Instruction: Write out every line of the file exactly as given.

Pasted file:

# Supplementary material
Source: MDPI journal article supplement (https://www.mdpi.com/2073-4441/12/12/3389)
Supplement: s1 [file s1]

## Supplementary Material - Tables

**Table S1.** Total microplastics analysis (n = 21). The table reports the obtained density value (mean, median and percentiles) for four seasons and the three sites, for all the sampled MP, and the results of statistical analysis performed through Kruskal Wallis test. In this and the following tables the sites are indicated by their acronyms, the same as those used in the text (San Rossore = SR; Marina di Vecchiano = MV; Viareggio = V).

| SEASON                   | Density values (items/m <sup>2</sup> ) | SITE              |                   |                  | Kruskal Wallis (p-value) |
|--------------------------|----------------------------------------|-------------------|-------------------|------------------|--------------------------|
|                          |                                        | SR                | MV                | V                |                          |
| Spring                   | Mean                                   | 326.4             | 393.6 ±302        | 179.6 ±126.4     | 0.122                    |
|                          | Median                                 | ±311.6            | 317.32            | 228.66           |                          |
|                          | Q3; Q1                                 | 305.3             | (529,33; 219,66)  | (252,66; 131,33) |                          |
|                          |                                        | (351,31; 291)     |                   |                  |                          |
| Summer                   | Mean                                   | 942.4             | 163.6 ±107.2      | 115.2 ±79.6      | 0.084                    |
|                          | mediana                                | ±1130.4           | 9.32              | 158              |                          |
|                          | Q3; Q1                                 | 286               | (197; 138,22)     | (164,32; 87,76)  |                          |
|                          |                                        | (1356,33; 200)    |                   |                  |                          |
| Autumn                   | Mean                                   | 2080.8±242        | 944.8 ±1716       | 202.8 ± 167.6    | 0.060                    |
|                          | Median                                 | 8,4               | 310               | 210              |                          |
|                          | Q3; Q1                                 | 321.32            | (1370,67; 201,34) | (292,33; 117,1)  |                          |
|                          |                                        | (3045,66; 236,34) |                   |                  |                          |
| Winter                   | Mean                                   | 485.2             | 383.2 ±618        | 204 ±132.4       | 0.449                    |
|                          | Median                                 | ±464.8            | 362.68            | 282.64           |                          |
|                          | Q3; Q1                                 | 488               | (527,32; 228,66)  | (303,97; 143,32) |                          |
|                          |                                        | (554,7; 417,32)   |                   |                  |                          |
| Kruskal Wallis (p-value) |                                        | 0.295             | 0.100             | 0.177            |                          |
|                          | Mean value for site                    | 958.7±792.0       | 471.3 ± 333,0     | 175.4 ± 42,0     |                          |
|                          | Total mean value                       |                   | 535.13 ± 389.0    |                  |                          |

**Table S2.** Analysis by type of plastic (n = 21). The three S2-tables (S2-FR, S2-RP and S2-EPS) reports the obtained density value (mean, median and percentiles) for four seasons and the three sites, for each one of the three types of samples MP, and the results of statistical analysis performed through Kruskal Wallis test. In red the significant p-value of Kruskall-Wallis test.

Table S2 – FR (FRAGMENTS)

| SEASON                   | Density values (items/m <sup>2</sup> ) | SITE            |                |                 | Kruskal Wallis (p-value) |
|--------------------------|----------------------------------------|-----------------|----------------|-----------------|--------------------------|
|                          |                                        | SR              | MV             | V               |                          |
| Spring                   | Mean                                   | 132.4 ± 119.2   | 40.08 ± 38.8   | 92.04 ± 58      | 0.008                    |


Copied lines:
# Supplementary material
Source: MDPI journal article supplement (https://www.mdpi.com/2073-4441/12/12/3389)
Supplement: s1 [file s1]

## Supplementary Material - Tables

**Table S1.** Total microplastics analysis (n = 21). The table reports the obtained density value (mean, median and percentiles) for four seasons and the three sites, for all the sampled MP, and the results of statistical analysis performed through Kruskal Wallis test. In this and the following tables the sites are indicated by their acronyms, the same as those used in the text (San Rossore = SR; Marina di Vecchiano = MV; Viareggio = V).

| SEASON                   | Density values (items/m <sup>2</sup> ) | SITE              |                   |                  | Kruskal Wallis (p-value) |
|--------------------------|----------------------------------------|-------------------|-------------------|------------------|--------------------------|
|                          |                                        | SR                | MV                | V                |                          |
| Spring                   | Mean                                   | 326.4             | 393.6 ±302        | 179.6 ±126.4     | 0.122                    |
|                          | Median                                 | ±311.6            | 317.32            | 228.66           |                          |
|                          | Q3; Q1                                 | 305.3             | (529,33; 219,66)  | (252,66; 131,33) |                          |
|                          |                                        | (351,31; 291)     |                   |                  |                          |
| Summer                   | Mean                                   | 942.4             | 163.6 ±107.2      | 115.2 ±79.6      | 0.084                    |
|                          | mediana                                | ±1130.4           | 9.32              | 158              |                          |
|                          | Q3; Q1                                 | 286               | (197; 138,22)     | (164,32; 87,76)  |                          |
|                          |                                        | (1356,33; 200)    |                   |                  |                          |
| Autumn                   | Mean                                   | 2080.8±242        | 944.8 ±1716       | 202.8 ± 167.6    | 0.060                    |
|                          | Median                                 | 8,4               | 310               | 210              |                          |
|                          | Q3; Q1                                 | 321.32            | (1370,67; 201,34) | (292,33; 117,1)  |                          |
|                          |                                        | (3045,66; 236,34) |                   |                  |                          |
| Winter                   | Mean                                   | 485.2             | 383.2 ±618        | 204 ±132.4       | 0.449                    |
|                          | Median                                 | ±464.8            | 362.68            | 282.64           |                          |
|                          | Q3; Q1                                 | 488               | (527,32; 228,66)  | (303,97; 143,32) |                          |
|                          |                                        | (554,7; 417,32)   |                   |                  |                          |
| Kruskal Wallis (p-value) |                                        | 0.295             | 0.100             | 0.177            |                          |
|                          | Mean value for site                    | 958.7±792.0       | 471.3 ± 333,0     | 175.4 ± 42,0     |                          |
|                          | Total mean value                       |                   | 535.13 ± 389.0    |                  |                          |

**Table S2.** Analysis by type of plastic (n = 21). The three S2-tables (S2-FR, S2-RP and S2-EPS) reports the obtained density value (mean, median and percentiles) for four seasons and the three sites, for each one of the three types of samples MP, and the results of statistical analysis performed through Kruskal Wallis test. In red the significant p-value of Kruskall-Wallis test.

Table S2 – FR (FRAGMENTS)

| SEASON                   | Density values (items/m <sup>2</sup> ) | SITE            |                |                 | Kruskal Wallis (p-value) |
|--------------------------|----------------------------------------|-----------------|----------------|-----------------|--------------------------|
|                          |                                        | SR              | MV             | V               |                          |
| Spring                   | Mean                                   | 132.4 ± 119.2   | 40.08 ± 38.8   | 92.04 ± 58      | 0.008                    |